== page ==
Hilco Global and Gordon Brothers Group typically come on the scene when it’s time to run going-out-of-business sales and shutter stores. In a sign of just how much the pandemic has turned the retail business on its head, they’ve started opening them.
The covid-19 crisis, which prompted a wave of retail bankruptcies and nationwide shutdowns, swallowed a whole season’s worth of unsold goods. That has opened the door for Hilco and Gordon to run sales — not for the retailers that usually hire them but under their own nameplate. Shopper’s Find, as the stores are called, are sourcing directly from manufacturers or wholesalers stuck with piles of last season’s fashion and other extra goods.
“As more and more stores are closing, there are fewer outlets for inventory,” said Ian Fredericks, the head of Hilco Global’s retail group.
When Hilco and Gordon Brothers run their mainstay liquidations, they step in to manage and oversee stores’s operations. That involves not just tasks like displaying merchandise and running the cash register, but adding inventory from vendors to round out what’s available — bringing in socks, for example, if you are selling shoes, Fredericks said in an interview.
Those contacts have proved useful for both sides now that manufacturers need to offload mountains of stuff and the liquidators have found no shortage of cheap rents for spaces to run a new type of cut-rate sale.
“We have unique access to merchandise, and deep relationships with vendors,” Rick Edwards, who heads Gordon Brothers’s retail business, said in an interview.
The companies are probably best known for their liquidation businesses, though they also do appraisals, lending and consulting. They’ve also teamed up to purchase bankrupt brands like Sharper Image and Linens ‘n Things.
Their pivot into the new business comes as the retail industry regroups after the pandemic accelerated a monumental shakeout. More than 20 well-known retailers went bankrupt last year, including Neiman Marcus, J.C. Penney and Brooks Brothers. Some, like Lord & Taylor, didn’t survive. Retail sales are generally more profitable than wholesaling, too.
Fredericks describes their two new locations as carrying a department-store breadth of merchandise, including furniture, but with discounts of up to 60%.
The former restructuring lawyer at Skadden Arps Slate Meagher & Flom also said the partners were able to secure favorable, short-term leases from Hudson’s Bay Co., the landlord and Lord & Taylor’s former owner. They’ll evaluate the stores on an annual basis.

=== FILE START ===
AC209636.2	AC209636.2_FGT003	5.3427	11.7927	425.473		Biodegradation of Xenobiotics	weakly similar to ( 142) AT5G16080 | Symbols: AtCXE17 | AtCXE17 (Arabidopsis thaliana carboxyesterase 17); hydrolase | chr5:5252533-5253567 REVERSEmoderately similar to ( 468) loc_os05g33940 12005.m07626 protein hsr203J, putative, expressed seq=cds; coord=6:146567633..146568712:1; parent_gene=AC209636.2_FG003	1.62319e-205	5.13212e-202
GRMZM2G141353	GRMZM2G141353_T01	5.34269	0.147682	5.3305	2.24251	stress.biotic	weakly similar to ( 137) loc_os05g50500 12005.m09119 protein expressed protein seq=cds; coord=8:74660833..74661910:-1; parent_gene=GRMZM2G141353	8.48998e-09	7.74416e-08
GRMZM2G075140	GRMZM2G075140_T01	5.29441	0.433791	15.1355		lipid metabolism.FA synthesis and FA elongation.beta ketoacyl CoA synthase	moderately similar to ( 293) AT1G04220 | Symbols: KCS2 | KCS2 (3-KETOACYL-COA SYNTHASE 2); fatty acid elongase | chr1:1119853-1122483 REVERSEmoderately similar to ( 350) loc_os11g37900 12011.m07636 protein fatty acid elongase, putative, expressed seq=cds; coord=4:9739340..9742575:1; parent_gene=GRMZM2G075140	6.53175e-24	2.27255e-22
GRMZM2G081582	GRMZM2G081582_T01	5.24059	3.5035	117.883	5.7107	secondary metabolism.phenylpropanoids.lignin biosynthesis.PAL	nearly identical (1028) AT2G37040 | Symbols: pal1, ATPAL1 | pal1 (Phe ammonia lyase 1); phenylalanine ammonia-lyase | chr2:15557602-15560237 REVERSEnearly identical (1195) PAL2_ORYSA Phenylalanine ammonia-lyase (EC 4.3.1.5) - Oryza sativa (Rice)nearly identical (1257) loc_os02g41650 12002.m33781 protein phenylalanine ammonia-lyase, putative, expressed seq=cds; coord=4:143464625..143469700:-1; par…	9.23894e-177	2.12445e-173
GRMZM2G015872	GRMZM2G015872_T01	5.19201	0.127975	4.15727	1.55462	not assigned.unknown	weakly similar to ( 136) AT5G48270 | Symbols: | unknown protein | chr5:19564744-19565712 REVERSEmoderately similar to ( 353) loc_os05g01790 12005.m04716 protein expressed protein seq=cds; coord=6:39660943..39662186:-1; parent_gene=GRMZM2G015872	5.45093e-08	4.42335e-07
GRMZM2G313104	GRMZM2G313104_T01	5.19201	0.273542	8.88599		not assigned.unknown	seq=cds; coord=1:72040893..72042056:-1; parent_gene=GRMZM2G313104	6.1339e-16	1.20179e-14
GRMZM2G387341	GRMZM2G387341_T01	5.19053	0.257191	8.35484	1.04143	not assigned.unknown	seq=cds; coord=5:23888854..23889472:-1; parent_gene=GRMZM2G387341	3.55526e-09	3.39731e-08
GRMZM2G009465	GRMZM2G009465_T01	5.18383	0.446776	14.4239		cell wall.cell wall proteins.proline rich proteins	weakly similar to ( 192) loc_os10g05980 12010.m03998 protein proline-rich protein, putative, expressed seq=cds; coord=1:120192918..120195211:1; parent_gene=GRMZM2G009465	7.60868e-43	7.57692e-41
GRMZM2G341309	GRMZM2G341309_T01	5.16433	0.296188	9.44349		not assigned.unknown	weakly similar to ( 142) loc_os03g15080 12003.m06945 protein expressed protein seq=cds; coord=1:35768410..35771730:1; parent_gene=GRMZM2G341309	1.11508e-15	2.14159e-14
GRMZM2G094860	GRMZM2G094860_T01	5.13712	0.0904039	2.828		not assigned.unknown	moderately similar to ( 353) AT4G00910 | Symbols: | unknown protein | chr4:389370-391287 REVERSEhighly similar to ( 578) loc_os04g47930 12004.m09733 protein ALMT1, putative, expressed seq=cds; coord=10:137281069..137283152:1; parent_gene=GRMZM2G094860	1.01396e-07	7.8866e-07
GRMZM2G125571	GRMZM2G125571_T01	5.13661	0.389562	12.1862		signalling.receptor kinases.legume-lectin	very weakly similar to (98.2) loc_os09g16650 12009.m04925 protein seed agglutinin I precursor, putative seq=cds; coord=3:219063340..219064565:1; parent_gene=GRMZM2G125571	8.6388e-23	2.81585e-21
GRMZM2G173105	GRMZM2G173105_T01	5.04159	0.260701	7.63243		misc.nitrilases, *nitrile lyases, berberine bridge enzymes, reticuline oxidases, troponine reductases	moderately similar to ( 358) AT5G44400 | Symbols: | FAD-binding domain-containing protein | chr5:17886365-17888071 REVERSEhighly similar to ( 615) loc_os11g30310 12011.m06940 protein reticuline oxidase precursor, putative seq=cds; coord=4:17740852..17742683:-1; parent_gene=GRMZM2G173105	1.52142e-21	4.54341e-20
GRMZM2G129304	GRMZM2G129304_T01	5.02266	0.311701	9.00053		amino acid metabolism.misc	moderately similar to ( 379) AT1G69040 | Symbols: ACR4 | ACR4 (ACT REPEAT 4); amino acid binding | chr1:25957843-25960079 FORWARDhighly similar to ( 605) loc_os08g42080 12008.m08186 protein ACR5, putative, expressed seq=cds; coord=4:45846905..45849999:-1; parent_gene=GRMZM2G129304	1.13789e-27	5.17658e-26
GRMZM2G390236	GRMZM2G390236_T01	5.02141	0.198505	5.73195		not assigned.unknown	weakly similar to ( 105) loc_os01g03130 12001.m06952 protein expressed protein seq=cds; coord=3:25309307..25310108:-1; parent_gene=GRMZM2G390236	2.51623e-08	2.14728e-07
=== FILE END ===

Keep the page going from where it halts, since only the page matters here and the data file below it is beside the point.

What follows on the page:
On a recent afternoon, the Shopper’s Find in Wayne, N.J., had the layout and fixtures of its former tenant, which confused one shopper, who said she still saw good prices and brands. Neat rows of merchandise included Vineyard Vines women’s bathing suits half off at $35 and Karl Lagerfeld dresses marked down 40% to $81.
“I would probably browse through here,” said Tara Nelson, 34, an educator from Westfield, N.J. who came in to look for a shirt for her husband. “It’s not as chaotic as Century 21,” the retailer with a similar model that shut down in bankruptcy last year but says it plans to reopen.
The New Jersey store was all but empty that day, during its soft opening, in contrast to the packed Willowbrook mall outside. A couple of signs by the entrances informed customers that Shopper’s Find was open for business.
Shopper’s Find isn’t the first time Hilco has tried to set up its own shops. In 2014, it bought a 35-store off-price chain owned by now-defunct Stage Stores Inc., but abandoned the effort in part because the logistics and technology expense proved prohibitive, Fredericks said. Costs in those areas have since come down, and Hilco has beefed up its own IT, developing an app that can track individual store operations in real time.
The latest effort looks timely, according to Simeon Siegel, managing director at BMO Capital Markets. Off-price — selling department-store-type goods at a discount — is one of the strongest performing areas of retail, and merchants can take advantage of good lease terms.
And while there’s excess merchandise on one side, supply-chain bottlenecks are bedeviling the traditional national merchants trying to source new stock. Anyone who does have goods, even from previous seasons at a discount, will find receptive customers buoyed by stimulus money and pent-up demand.
“The Venn diagram feels like a consultant’s dream,” Siegel said in an interview. “This is a trifecta of massive capacity, huge desire, but lack of product.”